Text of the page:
Maintaining and cultivating a Jewish household is important to me. Naturally, everyone has different ideas of what that means, but celebrating Jewish holidays is a cornerstone of what my Jewish household means. We will celebrate other holidays at other people’s houses, much like we celebrate another person’s birthday though it is not our own.

Our foster kiddos, however, are not Jewish and are used to celebrating Easter. I want to accommodate them while still maintaining a tenet of my own belief: a Jewish home. Should they want to go to church, we would take them and drop them off (since they’re old enough to attend church alone). Want to read the Christian bible? Cool. Let’s go check one out. Want to paint crosses as gifts? Awesome. Great craft idea! Did someone give you an Easter basket? What a thoughtful gift! Now, let’s parcel out that candy to avoid a sugar coma… When it comes to holidays, however, the bottom line is that we celebrate Passover, not Easter, in our house.

I am not immune to the central role that religion can play in other people’s lives and the need to honor those other traditions. When I explained Passover to the kiddos, I asked which traditions were important to them about Easter and told them I’d try to incorporate some of their traditions into our Seder. They both said gifts and candy, which makes sense. Many holidays are more secular in nature and about time with family over time with God.

So, I decided to honor their traditions by incorporating gifts and candy into the Passover Seder. I purchased a dress one kiddo had eyed and that she had looked wonderful in, and I purchased a diary and a pajama set that the other kiddo had wanted. I threw a couple of bunny shaped chocolate caramels in each package, and I wrapped each a la my DIY wrapping paper. On the outside, I drew a parrot and wrote “the Pesach Parrot was here.” I chose Parrot due to its alliteration, and the phrase is even more charming in Latin, which always holds sway. Psittacus Paschalis aderat! A kiddo hammed it up by asking how the parrot could possibly have handled such large boxes, and I quipped back that the parrot delivered them unwrapped and that I had to wrap them for him, no opposable thumbs and all. The Pesach Parrot may be no Easter bunny—or exist in any other households—but I’m glad it flew by all the same.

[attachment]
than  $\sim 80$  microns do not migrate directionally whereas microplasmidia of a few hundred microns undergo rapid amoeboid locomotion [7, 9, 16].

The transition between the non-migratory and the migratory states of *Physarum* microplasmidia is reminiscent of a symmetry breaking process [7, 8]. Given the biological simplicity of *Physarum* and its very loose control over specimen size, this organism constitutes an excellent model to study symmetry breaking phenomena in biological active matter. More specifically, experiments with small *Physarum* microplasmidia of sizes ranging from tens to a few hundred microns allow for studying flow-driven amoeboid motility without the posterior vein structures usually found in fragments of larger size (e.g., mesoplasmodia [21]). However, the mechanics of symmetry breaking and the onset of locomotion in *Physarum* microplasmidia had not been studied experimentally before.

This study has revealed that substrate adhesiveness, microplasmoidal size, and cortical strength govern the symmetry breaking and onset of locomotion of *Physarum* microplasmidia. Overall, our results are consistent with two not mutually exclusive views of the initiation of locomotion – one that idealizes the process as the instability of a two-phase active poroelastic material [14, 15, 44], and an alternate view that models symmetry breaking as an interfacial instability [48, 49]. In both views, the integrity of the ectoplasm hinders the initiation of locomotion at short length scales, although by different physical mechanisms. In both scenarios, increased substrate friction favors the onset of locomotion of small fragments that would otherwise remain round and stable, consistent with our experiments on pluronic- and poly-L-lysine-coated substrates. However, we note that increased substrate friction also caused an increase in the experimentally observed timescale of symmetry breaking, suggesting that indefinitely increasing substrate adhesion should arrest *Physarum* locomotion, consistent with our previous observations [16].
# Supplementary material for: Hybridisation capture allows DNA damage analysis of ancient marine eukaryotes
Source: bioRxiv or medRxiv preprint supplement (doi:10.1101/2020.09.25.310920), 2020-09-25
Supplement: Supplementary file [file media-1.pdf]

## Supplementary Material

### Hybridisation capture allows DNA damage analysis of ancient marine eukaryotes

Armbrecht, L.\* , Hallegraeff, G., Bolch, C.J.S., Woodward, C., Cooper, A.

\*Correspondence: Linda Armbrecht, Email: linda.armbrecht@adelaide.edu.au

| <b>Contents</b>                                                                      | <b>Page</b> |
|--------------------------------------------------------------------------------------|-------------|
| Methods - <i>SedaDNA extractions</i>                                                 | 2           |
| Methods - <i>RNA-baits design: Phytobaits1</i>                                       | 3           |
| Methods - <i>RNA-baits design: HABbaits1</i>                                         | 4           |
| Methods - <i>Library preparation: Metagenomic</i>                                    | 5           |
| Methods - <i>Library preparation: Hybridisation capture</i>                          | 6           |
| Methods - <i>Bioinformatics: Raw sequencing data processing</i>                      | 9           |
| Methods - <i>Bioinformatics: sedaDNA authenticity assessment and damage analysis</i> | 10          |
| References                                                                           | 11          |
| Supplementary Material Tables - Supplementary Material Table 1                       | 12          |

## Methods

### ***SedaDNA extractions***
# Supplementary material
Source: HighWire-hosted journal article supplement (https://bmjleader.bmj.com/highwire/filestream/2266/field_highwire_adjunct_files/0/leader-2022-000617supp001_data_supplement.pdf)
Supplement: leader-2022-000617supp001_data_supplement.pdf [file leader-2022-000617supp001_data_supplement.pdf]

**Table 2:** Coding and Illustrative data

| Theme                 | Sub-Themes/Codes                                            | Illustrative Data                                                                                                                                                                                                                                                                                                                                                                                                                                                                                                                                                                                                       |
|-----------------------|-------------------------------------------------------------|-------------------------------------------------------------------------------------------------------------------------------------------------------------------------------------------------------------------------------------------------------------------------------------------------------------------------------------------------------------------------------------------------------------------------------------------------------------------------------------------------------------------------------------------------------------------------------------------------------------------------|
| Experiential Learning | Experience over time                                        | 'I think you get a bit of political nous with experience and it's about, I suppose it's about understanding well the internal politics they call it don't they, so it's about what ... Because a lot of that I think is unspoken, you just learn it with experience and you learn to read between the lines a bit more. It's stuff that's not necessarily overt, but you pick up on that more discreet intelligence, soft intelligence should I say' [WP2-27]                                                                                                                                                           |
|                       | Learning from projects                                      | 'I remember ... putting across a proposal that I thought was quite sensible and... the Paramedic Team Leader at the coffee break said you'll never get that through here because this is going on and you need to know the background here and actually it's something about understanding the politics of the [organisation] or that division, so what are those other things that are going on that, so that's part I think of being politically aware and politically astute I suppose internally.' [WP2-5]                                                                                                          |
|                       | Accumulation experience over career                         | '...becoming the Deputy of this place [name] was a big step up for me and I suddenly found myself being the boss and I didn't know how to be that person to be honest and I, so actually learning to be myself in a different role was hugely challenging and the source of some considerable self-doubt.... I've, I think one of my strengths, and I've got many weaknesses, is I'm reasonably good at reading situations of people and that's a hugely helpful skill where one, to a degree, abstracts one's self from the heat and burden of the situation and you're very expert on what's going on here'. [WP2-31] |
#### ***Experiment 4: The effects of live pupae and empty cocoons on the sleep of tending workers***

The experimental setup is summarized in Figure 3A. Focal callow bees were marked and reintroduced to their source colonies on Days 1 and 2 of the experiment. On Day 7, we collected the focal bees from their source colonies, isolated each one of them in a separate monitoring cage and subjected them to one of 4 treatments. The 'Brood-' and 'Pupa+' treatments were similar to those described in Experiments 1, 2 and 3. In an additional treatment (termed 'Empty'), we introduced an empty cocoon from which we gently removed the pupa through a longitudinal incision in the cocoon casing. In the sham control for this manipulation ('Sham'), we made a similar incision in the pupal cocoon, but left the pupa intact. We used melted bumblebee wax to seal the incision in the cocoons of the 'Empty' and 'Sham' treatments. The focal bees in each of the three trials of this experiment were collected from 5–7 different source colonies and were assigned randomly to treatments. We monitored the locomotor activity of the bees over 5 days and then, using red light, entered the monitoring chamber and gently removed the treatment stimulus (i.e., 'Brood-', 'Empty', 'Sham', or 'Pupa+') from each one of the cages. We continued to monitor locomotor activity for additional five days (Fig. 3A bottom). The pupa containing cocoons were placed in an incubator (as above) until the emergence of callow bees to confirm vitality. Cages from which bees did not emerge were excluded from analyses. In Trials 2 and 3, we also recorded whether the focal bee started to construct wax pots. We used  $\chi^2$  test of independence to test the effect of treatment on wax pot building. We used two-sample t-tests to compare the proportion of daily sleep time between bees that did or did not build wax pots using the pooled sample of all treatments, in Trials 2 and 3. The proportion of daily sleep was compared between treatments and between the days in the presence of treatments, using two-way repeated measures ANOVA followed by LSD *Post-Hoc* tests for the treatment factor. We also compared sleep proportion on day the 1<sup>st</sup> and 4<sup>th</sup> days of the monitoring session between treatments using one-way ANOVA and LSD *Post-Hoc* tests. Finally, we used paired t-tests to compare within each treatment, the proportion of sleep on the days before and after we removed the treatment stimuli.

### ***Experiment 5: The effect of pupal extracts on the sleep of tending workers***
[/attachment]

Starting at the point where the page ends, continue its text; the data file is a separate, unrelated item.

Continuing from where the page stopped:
Not my finest artistic achievement, but I was pressed for time.

Our first Seder together went pretty well. One kiddo was excited to read the psalms in our haggadah, and the other seemed quite proud of herself for recognizing the story of Moses and the exodus from Egypt. Both were confused by how the haggadot were backwards, and both were beside themselves eager to find the afikomen with the promise of a reward. When I sent a kiddo to open the door to welcome the prophet Elijah and downed his small glass of wine behind her back with a wink to the second kiddo, that second kiddo played right along and gasped in shock and disbelief that the prophet had visited our Seder table. They even picked up on the chorus of Dayenu and sang right along, one of them a touch more enthusiastically than the other. Given their ages, backgrounds, and the newness of the experience, I’d say the Seder was a rousing success, perhaps due not only to Elijah’s visit but also to the Pesach Parrot’s.

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